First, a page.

The 2016 State of DevOps Report Has Landed
Every year, we look at IT performance to see how high-performing organizations compare to the rest of our sample population.
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The Puppet State of DevOps Report has become a much anticipated event, with many of you asking us over the past few months when the next one will be published. Looking back on the past five years, it’s amazing to see how many organizations have adopted DevOps practices and are getting real results. We hear stories from our customers all the time about how DevOps is transforming not just their business, but also their lives. We’re so grateful to everyone (all 4,600 of you) who shared your experience in this year’s survey. Thanks to you, we have some incredible findings to share, so let’s get to it.
Every year, we look at IT performance to see how high-performing organizations compare to the rest of our sample population. This year, we found that high performers are accelerating away from the pack in terms of throughput. They deploy 200 times more frequently, which means deploying multiple times per day on demand, versus just a few times per year. High performers also have 2,555 times faster lead times, which means they can deploy a change in less than one hour compared to once every few months. We found that the high performers also continue to maintain high levels of stability — they have a three times lower change failure rate and recover from failures 24 times faster.
Throughput and stability matter, because when you’re able to deploy more frequently, you can experiment more and deliver value to customers faster. Instead of having one or two chances per year to get it right, you have multiple opportunities to validate your ideas, gather customer feedback, learn, and improve. By speeding up your delivery, you can increase your rate of learning.
Speed without stability causes other problems, though: Websites and other services break, disappointing customers, suppliers and fellow employees. However, as we’ve shown year after year, moving faster doesn’t have to come at the expense of stability, reliability, security, or quality. In fact, DevOps practices — for example, version control for all production artifacts, deployment automation, and automated testing — actually predict IT performance, which in turn predicts organizational performance.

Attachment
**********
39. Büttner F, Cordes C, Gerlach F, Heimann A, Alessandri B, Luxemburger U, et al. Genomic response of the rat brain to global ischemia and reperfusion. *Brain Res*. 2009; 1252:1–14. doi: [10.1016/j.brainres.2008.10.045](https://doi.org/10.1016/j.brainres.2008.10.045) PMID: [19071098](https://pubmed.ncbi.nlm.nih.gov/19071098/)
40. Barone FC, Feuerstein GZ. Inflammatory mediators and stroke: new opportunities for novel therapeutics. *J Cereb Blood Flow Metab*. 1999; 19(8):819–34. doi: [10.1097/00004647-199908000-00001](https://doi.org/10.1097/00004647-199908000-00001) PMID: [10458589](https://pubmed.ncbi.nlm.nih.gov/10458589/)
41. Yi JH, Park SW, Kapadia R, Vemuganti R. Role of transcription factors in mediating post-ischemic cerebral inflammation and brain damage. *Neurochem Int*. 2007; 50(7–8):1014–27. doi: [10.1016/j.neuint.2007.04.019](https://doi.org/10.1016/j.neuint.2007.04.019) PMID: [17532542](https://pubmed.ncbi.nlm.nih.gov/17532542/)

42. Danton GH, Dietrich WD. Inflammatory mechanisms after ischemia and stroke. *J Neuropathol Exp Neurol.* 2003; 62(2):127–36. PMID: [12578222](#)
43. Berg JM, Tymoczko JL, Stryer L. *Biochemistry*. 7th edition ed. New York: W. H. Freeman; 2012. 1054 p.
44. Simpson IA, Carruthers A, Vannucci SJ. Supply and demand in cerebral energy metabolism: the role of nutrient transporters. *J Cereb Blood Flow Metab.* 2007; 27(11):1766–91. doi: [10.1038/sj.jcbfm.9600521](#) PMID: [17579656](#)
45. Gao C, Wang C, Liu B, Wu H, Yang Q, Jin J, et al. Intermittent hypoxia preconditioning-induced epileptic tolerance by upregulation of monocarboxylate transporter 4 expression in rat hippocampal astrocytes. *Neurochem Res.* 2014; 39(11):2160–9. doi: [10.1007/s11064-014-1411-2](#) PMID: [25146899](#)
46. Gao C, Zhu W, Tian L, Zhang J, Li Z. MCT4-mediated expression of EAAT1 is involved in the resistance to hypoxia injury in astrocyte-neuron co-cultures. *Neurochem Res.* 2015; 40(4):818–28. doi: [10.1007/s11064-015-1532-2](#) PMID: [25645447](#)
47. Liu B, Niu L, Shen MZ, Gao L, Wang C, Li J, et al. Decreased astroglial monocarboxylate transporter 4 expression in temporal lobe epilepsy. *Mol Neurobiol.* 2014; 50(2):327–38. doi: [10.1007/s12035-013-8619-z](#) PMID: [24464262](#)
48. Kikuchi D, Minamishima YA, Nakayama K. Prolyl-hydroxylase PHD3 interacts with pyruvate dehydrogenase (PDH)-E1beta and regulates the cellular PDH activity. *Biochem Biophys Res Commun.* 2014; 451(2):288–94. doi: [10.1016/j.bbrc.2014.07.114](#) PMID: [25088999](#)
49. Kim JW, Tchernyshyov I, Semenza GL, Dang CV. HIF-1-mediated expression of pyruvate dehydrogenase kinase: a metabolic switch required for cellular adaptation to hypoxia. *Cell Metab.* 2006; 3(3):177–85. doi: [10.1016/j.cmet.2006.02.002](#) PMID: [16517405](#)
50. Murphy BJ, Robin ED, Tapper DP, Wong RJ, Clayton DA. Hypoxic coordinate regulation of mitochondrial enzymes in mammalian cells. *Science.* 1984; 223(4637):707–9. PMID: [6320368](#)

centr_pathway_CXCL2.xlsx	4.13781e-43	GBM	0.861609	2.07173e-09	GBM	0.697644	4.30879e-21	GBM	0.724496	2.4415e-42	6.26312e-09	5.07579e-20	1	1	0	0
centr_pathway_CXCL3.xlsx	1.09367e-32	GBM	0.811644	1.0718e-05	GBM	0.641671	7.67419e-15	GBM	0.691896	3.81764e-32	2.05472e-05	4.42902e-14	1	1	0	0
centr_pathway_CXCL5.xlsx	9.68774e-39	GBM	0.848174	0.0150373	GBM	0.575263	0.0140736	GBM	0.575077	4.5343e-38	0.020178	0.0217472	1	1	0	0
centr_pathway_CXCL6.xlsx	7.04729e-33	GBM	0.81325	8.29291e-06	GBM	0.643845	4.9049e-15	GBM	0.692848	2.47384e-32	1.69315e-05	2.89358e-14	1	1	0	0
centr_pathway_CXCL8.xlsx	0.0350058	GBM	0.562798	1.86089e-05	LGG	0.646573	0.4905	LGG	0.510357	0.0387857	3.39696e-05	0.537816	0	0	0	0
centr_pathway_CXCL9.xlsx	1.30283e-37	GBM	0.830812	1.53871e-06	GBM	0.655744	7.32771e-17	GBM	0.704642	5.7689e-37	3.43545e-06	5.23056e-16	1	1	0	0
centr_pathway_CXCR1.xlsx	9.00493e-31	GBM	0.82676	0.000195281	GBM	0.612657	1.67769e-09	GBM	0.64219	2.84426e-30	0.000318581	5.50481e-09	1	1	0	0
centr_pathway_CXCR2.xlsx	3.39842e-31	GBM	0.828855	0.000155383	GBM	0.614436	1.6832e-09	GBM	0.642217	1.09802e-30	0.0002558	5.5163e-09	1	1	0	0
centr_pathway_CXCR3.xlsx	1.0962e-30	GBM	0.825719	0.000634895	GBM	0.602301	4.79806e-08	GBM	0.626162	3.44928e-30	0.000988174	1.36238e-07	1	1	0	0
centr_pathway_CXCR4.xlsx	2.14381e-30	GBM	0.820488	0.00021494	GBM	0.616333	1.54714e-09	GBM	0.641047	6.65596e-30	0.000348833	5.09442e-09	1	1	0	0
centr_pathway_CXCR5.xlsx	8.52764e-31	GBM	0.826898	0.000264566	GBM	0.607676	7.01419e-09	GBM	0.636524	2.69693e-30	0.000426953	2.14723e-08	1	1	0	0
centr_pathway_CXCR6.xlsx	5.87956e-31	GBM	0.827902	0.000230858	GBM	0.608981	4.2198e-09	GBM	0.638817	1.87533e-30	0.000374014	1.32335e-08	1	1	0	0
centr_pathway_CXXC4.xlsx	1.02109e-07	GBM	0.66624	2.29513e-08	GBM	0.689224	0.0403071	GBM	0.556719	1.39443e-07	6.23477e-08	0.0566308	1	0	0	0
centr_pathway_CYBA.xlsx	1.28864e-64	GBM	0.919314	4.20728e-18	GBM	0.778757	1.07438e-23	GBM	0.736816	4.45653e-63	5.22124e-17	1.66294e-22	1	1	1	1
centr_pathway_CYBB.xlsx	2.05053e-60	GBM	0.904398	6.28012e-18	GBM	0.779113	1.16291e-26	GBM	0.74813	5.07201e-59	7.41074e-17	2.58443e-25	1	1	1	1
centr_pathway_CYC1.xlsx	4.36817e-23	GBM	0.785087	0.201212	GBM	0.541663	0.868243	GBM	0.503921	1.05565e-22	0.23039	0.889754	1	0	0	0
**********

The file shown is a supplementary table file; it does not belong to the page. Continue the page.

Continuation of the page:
By segmenting survey responses according to whether respondents' organizations are high, medium or low performers, we've been able to compare these groups across different dimensions to see whether their attitudes, behaviors, and practices are substantially different from each other. For example, we wondered if high performers had higher employee engagement, and learned that yes, they were 2.2 times more likely to recommend their organization to a friend as a great place to work, compared to low performers. Everyone wants to be part of a winning team, and those who do feel their teams are winning tend to be more engaged and loyal. Other studies have shown that employee engagement correlates with better business outcomes, such as higher customer engagement, revenue growth, and stock market performance.
A big focus of this year’s report was looking at the entire product development lifecycle, starting with the initial product or feature idea, and extending all the way to the customer, where that idea can deliver value. We found that when product teams take a lean-manufacturing approach to product design and delivery — decomposing features into small batches, making the flow of work visible throughout the delivery process, and using customer feedback to inform product design — both IT performance and organizational culture improve.
Another key idea that DevOps borrows from the lean movement is “shifting left,” or identifying and fixing defects early on, rather than inspecting quality at the end. By shifting quality to the left, you’re able to detect problems earlier when it’s much cheaper and easier to fix them. This in turn leads to less unplanned work and rework later on. We found that high performers spend 22 percent less time on unplanned work and rework than low performers, and as a result, they’re able to spend 29 percent more of their time on new, value-adding work. That's a great investment of team time.
Quality isn’t the only thing shifting left. DevSecOps, rugged DevOps, or whatever you want to call it, is all about integrating security early and often throughout the software development lifecycle. That means treating security concerns as a design constraint, getting continuous feedback from the security team, and building security requirements into the automated testing suite. We found that high performers spend 50 percent less time remediating security issues than low performers, because they integrate security testing and controls into the daily work of development, QA and operations.
We’d like to thank our partner, DevOps Research and Assessment (DORA), as well as our awesome sponsors: Atlassian, Automic, CA Technologies, Hewlett Packard Enterprise, IT Revolution, Splunk, and ThoughtWorks.
We’re all very excited to finally be able to share the 2016 State of DevOps Report with you. Check out a sneak peak at our 2016 State of DevOps Report infographic below, and click on the image to be taken to the full infographic for more quick stats. Don't miss the the full report, though — it's jam-packed with ideas and inspiration for launching DevOps in your own workplace.
Nigel Kersten is CIO at Puppet. Alanna Brown is a senior product marketing manager at Puppet.
Published at DZone with permission of Alanna Brown, DZone MVB. See the original article here.
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